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Archaeologists at Historic Environment Scotland, artists from Glasgow School of Art and Scalan Mills Project team invite public to celebration of historic Scalan in Braes of Glenlivet


By Philip Murray


Scalan seminary and steadings.
Scalan seminary and steadings.

THE many stories swirling around an important historical site in the Braes of Glenlivet are about to be celebrated – by artists and archaeologists alike – and the public are being urged to join in.

Artists from Glasgow School of Art, archaeologists from Historic Environment Scotland and members of the Scalan Mills Project team are looking to team up with the public to help celebrate the stories of Scalan this weekend.

Originally this was the site of a hidden Catholic seminary during the 1700s, where young men would train to be priests, known as ‘Heather Priests’. The seminary building became a farm in the 19th century and two additional farm buildings were erected housing corn threshing mills used by the Glenlivet farming community.

The threshing machines and associated water wheels are still in place along with a wealth of historical graffiti written on the wooden walls and doors telling the stories of previous farming inhabitants.

Crown Estate Scotland is leading the Scalan Mills Project in partnership with the Scalan Association and Tomintoul & Glenlivet Landscape Partnership (TGLP), a £3.6m programme supported by the National Lottery Heritage Fund.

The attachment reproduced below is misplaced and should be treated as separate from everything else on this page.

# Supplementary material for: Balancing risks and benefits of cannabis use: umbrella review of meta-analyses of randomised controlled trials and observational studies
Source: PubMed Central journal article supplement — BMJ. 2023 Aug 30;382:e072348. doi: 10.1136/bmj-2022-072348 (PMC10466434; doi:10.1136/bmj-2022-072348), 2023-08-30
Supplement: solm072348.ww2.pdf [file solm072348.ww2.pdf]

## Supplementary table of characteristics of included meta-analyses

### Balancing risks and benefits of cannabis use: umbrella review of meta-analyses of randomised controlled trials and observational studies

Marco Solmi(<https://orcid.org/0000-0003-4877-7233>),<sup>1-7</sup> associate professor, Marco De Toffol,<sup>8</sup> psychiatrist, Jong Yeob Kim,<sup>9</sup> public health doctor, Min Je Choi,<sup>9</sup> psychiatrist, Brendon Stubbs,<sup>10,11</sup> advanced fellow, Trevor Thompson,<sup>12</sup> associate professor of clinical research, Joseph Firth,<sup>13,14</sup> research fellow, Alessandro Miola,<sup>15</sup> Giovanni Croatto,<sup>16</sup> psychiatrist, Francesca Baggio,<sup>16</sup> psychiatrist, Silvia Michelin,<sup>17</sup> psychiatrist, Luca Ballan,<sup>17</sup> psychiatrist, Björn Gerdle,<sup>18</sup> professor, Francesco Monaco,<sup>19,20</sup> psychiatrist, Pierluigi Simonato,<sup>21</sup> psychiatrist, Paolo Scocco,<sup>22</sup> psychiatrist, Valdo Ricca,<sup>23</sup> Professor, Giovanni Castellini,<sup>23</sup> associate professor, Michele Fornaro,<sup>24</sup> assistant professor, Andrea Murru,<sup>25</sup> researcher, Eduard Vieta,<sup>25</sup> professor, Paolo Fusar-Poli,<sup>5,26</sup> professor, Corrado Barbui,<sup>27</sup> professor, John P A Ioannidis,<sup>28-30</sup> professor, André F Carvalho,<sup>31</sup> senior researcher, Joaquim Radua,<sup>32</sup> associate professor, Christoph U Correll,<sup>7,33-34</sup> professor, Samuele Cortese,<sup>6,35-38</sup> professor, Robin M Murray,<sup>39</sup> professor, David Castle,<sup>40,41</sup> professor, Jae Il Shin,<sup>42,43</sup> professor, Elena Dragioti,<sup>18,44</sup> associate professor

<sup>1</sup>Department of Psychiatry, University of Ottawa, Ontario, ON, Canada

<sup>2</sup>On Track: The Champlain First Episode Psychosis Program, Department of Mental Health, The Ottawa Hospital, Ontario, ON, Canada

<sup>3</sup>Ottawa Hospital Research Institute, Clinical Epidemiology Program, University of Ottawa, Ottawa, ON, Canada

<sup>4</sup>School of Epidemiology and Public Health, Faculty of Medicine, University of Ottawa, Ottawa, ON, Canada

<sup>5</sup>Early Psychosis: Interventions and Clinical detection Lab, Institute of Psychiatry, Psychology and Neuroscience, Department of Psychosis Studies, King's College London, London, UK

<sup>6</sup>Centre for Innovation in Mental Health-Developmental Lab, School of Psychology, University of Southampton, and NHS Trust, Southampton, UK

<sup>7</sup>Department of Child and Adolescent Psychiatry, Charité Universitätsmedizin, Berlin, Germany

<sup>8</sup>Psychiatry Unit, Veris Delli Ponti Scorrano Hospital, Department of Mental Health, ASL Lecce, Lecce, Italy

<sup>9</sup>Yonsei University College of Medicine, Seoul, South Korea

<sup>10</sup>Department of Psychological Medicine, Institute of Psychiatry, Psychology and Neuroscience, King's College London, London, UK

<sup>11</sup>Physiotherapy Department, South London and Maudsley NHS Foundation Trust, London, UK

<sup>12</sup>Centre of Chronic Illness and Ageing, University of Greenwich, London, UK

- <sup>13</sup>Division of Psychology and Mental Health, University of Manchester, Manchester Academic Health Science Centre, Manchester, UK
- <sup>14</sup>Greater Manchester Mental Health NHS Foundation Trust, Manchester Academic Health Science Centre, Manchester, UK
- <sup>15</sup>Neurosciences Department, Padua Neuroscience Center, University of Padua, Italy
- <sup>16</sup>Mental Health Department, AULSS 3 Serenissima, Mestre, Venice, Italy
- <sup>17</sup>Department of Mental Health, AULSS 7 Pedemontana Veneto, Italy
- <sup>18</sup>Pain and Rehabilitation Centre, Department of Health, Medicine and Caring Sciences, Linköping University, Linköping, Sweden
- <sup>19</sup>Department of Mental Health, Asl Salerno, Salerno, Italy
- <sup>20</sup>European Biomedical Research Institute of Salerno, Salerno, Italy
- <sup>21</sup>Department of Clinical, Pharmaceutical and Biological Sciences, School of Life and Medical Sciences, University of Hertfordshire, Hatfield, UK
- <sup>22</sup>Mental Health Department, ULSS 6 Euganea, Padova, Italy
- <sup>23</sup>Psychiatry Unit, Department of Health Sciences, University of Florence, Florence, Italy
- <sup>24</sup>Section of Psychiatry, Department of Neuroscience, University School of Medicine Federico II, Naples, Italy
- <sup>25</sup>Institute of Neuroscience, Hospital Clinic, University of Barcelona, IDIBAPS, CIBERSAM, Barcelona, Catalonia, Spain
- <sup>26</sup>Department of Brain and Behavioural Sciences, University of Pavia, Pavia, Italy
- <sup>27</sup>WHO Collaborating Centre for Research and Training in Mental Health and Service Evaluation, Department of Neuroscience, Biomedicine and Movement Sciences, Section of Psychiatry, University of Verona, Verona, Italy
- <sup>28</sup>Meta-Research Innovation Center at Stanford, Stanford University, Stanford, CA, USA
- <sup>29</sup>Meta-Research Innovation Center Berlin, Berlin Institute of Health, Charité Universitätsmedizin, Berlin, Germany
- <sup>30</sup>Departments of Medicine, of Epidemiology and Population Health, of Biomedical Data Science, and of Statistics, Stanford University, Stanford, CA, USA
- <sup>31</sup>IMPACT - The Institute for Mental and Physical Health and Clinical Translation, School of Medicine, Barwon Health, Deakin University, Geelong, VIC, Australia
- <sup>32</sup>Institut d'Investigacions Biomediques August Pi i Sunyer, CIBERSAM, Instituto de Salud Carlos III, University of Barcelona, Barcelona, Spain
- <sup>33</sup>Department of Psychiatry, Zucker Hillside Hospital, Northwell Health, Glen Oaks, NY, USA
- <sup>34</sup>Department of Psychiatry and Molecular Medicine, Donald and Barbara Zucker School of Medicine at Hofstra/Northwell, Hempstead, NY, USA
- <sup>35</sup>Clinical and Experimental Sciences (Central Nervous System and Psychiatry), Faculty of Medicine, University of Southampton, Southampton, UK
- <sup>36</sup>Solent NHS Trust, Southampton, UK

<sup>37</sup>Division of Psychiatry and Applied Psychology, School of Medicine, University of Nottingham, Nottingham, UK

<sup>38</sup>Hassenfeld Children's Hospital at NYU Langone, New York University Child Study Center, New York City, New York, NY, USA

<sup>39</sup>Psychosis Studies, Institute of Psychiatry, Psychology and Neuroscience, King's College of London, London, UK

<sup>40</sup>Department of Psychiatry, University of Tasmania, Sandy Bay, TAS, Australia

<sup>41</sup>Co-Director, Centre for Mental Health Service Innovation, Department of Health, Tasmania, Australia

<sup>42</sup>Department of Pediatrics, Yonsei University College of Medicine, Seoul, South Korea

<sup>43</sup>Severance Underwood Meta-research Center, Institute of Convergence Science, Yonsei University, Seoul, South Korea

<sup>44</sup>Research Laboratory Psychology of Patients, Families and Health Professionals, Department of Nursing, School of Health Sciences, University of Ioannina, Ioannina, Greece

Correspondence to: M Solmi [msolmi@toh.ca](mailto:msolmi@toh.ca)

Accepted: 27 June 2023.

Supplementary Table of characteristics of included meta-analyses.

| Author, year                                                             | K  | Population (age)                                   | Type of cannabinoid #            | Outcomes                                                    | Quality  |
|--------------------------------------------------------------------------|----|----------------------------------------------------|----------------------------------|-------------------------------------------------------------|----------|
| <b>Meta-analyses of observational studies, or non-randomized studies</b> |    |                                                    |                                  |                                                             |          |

The celebration event will involve archaeologists from Historic Environment Scotland, artists from The Glasgow School of Art and members of the Scalan Mills Project Team, using creative techniques such as community mapping, site surveys and sound recording, to bring people together to explore past places through creativity, ideas and imagination.

This interactive event will help discover past lives and uncover new stories about the hidden landscapes of the Scalan. People will be invited to share their recent experiences, memories of the past and think about the future of the site.

Amy Woolvin, TGLP’s cultural heritage officer said: “Whether people have been to the Scalan site before or not, this is an opportunity to come along and experience the special qualities of this hidden place which has played an important role in Scottish history as well as providing a unique insight into the everyday lives of those who lived and worked there.”

Andy Wells, head of property at Crown Estate Scotland, added: “This promises to be a great event which will help showcase some of the fascinating, and often unknown, stories behind the history of Scalan.

“Throughout this long history, the site has been an important part of the local community, and we hope that as many people as possible come along to share their memories to help paint the full picture of the events that have shaped Scalan’s story.”

Information will also be available on the Scalan Mills Project which is due to start in April this year and be completed by next spring. The plans aim to conserve the two steading buildings, provide safe access to the buildings to view the historical graffiti and farming artefacts, develop on site interpretation, which tell the stories of this special place and offer conservation skills opportunities. They also include improving access to the whole Scalan site, complementing the seminary building.

This fun event is open to all and will be taking place on Saturday, April 6 between 11am and 4pm.

People are invited to come along any time during that time. Parking is available at The Carrachs car park, located at the end of the road in the Braes of Glenlivet, with a short walk to the Scalan site along a track.

For more information contact amy@tomintoulandglenlivet.com or call 01807 580350.



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